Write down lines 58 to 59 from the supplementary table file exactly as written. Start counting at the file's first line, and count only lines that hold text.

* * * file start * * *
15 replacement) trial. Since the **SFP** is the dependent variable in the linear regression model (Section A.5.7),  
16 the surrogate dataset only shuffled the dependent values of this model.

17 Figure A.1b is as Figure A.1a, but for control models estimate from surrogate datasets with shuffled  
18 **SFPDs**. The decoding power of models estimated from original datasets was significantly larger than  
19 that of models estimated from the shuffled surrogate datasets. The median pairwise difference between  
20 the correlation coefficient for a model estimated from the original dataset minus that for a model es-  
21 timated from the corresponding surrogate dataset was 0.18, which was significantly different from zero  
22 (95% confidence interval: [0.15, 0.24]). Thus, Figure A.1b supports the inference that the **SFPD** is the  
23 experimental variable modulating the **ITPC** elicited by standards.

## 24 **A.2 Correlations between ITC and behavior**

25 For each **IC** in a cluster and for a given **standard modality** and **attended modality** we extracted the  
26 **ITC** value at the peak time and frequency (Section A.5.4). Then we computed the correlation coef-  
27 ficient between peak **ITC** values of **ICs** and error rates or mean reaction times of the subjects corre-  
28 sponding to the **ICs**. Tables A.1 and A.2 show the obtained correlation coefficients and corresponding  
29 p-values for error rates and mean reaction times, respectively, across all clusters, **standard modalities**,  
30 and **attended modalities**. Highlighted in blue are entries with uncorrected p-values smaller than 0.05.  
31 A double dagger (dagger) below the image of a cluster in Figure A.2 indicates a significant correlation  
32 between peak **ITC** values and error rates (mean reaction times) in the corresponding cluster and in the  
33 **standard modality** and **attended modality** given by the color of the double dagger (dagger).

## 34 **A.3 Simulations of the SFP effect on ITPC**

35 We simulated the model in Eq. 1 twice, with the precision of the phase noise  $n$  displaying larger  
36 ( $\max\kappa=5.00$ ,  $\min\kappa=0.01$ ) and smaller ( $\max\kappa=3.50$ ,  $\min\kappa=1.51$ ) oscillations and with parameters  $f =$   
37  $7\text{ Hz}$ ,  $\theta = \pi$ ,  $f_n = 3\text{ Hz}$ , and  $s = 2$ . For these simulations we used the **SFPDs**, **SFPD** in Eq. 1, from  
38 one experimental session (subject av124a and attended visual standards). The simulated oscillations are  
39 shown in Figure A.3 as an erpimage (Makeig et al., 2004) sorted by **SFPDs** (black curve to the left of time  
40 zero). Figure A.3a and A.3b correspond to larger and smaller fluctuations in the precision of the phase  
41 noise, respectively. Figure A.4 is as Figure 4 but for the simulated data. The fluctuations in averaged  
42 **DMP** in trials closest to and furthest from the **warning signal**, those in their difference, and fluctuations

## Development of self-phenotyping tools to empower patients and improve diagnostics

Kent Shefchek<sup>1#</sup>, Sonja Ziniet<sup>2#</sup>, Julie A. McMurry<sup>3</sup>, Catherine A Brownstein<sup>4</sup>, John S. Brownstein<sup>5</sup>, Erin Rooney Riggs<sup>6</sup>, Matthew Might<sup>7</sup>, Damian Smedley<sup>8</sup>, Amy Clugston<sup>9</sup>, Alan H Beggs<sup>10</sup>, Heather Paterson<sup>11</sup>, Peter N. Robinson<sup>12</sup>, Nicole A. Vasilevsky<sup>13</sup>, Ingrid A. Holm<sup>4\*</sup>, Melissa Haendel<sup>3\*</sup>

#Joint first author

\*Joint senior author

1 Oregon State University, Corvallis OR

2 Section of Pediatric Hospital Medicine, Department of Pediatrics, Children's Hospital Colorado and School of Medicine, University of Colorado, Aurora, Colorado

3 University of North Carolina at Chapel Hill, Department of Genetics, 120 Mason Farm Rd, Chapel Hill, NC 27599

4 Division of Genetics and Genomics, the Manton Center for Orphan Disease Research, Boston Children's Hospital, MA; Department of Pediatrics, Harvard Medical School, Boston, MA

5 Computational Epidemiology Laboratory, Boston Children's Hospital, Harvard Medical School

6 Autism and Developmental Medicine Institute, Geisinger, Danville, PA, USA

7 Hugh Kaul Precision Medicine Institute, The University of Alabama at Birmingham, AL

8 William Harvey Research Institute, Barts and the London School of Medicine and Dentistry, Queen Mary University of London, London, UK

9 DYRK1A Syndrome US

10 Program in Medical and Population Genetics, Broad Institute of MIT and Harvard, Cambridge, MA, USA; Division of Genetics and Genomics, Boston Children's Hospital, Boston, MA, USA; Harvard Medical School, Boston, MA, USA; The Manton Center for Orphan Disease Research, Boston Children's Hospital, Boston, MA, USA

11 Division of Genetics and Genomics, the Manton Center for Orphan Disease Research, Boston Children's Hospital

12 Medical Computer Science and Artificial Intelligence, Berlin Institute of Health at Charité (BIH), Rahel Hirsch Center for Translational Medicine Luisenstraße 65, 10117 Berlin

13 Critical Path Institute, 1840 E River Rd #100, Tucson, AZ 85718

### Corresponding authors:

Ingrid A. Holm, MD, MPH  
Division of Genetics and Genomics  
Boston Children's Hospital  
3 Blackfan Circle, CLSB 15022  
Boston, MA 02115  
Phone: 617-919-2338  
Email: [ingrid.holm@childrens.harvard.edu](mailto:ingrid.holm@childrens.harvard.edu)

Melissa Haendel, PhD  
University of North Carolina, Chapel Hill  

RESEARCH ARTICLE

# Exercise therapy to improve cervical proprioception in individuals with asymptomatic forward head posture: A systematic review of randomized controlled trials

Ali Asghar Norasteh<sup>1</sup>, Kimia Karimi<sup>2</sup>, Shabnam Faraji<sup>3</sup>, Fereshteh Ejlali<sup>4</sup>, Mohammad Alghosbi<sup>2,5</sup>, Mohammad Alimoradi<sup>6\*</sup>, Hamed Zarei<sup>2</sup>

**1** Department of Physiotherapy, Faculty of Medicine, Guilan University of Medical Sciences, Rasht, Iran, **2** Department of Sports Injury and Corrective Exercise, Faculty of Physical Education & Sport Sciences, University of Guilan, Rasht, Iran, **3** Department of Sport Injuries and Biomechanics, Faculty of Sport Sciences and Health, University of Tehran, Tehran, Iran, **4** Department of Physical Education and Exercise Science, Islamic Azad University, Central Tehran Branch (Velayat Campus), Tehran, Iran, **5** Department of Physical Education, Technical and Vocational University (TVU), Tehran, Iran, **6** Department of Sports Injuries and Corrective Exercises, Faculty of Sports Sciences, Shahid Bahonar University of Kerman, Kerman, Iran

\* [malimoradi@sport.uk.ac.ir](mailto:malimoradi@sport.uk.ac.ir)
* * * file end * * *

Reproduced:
Ali Asghar Norasteh<sup>1</sup>, Kimia Karimi<sup>2</sup>, Shabnam Faraji<sup>3</sup>, Fereshteh Ejlali<sup>4</sup>, Mohammad Alghosbi<sup>2,5</sup>, Mohammad Alimoradi<sup>6\*</sup>, Hamed Zarei<sup>2</sup>

**1** Department of Physiotherapy, Faculty of Medicine, Guilan University of Medical Sciences, Rasht, Iran, **2** Department of Sports Injury and Corrective Exercise, Faculty of Physical Education & Sport Sciences, University of Guilan, Rasht, Iran, **3** Department of Sport Injuries and Biomechanics, Faculty of Sport Sciences and Health, University of Tehran, Tehran, Iran, **4** Department of Physical Education and Exercise Science, Islamic Azad University, Central Tehran Branch (Velayat Campus), Tehran, Iran, **5** Department of Physical Education, Technical and Vocational University (TVU), Tehran, Iran, **6** Department of Sports Injuries and Corrective Exercises, Faculty of Sports Sciences, Shahid Bahonar University of Kerman, Kerman, Iran